NCD Chair Jeff Rosen's Remarks White House National African American History Month Program
February 27, 2014
Thank you for the kind introduction. The National Council on Disability (NCD) is an independent federal agency which provides advice and recommendations to the President, the Administration and Congress on policy issues which impact people with disabilities. We appreciate the White House and Claudia undertaking this first of its kind event and also thank Council Co-Vice Chair Kamilah Martin-Proctor for her excellent support of this event. NCD has addressed in its body of work the experience of culturally diverse people with disabilities which I will talk about in a moment. But first, please allow me to speak about how black power changed my life as a person with a disability.
I am a third generation deaf person. That means my parents & grandparents were deaf. In my deaf community of family and friends, I was fully in the world, loved and cherished for exactly who I am. But outside my deaf community, on the playground, in schools, and work, I experienced negative attitudes, low expectations, oppression and violence against me because of my disability. I became ashamed that I was deaf and became an angry youth for being made that way. My refuge was the local library where one day I stumbled onto the African American authors section. The first book I picked up was Soul on Ice by Eldridge Cleaver. I know now there are issues with that book with respect to women and homosexuality, but when I read his writings about black liberation from an oppressive white society I jumped up and said Yeah! That’s right! I read Malcolm X and learned about black self determination which later proved useful in the Gallaudet Deaf President Now protest and at the same time taking a page from Martin Luther King’s principles of nonviolence to keep the focus on the message rather than the act of protesting. Zora Neale Hurston taught me how to feel as a differently bodied person, that it was not my issue but the strangeness of society’s perceptions. I read these books in the sanctuary of my bedroom which had a huge poster of…guess who? Larry Brown Jr, #43 for Washington. His face was the first and last thing I saw each day. Mr. Brown, you have very soulful eyes. And he wore a hearing aid just like me. I learned that several other African American heroes had a disability, for example Malcolm X had a stutter, Octavia Butler, science fiction author, had dyslexia. So what happens at the intersection of cultural diversity and disability? Why weren’t there more awareness of African Americans with disabilities?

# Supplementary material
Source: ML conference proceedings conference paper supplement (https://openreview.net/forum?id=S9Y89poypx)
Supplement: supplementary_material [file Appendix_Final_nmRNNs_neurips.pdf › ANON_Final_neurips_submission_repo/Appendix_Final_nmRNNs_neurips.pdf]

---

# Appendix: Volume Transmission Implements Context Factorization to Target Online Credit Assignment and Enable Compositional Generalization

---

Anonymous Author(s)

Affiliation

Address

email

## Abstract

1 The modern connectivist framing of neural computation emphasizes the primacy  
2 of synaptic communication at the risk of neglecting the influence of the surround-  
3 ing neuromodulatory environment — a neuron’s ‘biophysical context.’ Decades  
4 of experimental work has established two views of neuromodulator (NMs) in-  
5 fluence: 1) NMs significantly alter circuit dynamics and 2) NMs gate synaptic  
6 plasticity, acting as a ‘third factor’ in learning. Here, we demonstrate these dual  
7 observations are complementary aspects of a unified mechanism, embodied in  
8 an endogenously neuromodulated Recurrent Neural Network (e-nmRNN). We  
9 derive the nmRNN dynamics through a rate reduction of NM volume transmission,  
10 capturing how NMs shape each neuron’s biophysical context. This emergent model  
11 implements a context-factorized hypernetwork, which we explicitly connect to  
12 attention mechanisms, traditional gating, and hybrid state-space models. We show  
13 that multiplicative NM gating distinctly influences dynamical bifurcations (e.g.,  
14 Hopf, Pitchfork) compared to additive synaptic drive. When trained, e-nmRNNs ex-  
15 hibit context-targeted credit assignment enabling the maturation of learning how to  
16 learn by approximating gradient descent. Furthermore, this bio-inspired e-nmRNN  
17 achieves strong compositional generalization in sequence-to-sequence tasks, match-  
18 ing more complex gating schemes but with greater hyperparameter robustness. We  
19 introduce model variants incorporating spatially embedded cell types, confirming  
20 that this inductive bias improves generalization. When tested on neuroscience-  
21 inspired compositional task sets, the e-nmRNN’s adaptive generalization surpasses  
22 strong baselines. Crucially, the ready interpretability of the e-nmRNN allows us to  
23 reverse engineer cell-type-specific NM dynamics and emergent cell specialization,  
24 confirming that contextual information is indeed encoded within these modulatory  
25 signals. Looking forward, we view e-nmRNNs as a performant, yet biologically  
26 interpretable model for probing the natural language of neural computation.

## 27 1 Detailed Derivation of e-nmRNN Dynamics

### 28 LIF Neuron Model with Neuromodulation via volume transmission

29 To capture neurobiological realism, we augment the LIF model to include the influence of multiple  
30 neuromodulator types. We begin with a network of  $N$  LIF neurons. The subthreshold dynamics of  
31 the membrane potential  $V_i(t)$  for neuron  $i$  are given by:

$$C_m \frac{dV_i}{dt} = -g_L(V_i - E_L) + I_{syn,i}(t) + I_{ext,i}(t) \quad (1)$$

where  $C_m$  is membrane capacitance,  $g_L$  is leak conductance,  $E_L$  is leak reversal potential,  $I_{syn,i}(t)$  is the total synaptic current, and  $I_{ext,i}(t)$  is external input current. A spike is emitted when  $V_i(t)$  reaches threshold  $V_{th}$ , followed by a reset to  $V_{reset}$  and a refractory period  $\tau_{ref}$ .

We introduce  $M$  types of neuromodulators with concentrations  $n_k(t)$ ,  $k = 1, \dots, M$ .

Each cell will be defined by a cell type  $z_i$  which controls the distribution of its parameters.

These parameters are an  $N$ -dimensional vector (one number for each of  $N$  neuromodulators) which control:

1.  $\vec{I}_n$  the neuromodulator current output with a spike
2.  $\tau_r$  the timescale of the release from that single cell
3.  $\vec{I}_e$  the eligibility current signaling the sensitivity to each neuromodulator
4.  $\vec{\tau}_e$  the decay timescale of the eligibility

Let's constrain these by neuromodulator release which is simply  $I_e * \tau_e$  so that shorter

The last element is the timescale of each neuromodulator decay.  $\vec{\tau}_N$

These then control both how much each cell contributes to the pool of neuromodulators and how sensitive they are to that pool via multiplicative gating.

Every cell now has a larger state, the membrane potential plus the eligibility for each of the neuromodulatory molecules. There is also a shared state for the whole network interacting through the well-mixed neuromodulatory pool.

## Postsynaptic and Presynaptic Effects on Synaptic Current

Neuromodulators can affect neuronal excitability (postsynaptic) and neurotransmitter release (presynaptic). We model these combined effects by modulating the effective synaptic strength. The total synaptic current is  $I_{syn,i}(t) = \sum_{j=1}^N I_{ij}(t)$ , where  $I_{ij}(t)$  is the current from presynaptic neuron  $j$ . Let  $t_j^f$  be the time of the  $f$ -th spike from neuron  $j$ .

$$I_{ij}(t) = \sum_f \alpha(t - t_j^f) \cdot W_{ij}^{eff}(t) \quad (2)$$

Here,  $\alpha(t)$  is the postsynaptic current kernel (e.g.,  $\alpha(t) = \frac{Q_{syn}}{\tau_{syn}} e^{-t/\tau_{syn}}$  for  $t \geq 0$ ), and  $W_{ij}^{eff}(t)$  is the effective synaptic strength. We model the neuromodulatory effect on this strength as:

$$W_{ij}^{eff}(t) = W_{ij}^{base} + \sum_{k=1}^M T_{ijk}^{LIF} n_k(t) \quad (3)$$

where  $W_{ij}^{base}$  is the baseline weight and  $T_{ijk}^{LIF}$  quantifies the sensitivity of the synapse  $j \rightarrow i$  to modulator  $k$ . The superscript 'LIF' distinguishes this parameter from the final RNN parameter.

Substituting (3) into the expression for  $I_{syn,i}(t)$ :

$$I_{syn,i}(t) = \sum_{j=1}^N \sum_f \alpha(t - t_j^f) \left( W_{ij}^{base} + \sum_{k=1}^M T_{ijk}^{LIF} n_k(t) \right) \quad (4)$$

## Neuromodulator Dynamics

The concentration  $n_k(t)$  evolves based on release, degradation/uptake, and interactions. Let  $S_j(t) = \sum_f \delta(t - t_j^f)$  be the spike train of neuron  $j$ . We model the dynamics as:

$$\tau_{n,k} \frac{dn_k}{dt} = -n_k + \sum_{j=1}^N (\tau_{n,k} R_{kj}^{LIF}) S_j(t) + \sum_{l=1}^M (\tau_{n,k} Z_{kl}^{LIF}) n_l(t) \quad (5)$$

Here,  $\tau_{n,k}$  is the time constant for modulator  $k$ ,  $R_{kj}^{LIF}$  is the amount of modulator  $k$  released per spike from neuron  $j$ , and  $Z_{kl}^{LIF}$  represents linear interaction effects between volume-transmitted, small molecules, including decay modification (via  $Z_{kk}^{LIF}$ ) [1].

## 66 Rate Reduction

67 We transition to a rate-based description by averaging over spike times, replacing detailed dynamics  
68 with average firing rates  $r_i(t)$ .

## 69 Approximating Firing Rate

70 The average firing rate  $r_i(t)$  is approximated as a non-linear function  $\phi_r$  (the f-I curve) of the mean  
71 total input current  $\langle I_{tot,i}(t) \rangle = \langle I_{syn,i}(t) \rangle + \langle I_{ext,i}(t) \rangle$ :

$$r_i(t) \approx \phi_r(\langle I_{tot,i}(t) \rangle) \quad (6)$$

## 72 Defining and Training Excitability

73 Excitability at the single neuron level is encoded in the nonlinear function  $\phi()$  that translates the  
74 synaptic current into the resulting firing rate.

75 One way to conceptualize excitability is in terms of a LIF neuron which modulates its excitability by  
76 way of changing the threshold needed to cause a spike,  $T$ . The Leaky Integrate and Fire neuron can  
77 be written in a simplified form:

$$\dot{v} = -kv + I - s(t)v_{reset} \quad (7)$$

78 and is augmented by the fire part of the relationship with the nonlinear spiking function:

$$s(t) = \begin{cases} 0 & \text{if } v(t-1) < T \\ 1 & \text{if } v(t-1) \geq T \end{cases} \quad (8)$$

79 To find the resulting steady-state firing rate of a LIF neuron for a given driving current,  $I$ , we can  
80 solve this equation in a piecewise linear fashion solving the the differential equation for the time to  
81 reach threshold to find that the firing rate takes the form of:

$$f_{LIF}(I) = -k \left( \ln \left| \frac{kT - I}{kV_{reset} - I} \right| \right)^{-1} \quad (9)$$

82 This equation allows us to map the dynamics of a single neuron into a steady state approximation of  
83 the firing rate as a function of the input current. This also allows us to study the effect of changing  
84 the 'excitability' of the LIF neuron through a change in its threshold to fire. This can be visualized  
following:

NCD has learned from convening several times culturally diverse people that disability is largely un-served or under-served in their communities. The very same Larry Brown Jr. was a former Council member of NCD, chairing its Initiative on Minorities with Disabilities, which reported on the double discrimination and double disadvantage that they experience. In “Lift Every Voice” NCD reported that the best way to empower people from diverse cultures to take full advantage of federal laws, programs, and services is to provide them with easy-to-understand, culturally appropriate information about what their rights are under various federal statutes and how best to exercise those rights when a violation occurs. Awareness is the key. We must build on events like this one. NCD’s report said that we must develop and implement a large-scale outreach and training program raising awareness among people with disabilities from diverse backgrounds about their heritage, culture, identity and rights. We must target young adults in the training and education about the disability movement so they have better opportunities in life, which means thinking about using technology and social media that they use every day. Stakeholders in NCD’s culturally diverse forums also identified the concern about the erosion of disability and civil rights and the need to work collaboratively across human rights groups to restore these rights. The Supreme Court’s recent decision to invalidate a key part of the Voting Rights Act impacts people with disabilities as well, NCD is working with Congress, the Administration and civil rights groups to restore and enhance accessible voting for all. Let me close with a quote from our friend Wade Henderson, Executive Director of LCCR, delivered at NCD’s civil rights forum titled “Same Struggle, Different Difference,” “Disability rights issues are civil rights issues, and civil and human rights pertain to us all. If we work together in this modern civil rights movement, we will continue advances in ways that we can look back with pride.”
Remarks presented February 27, 2014 at the White House National African American History Month Program.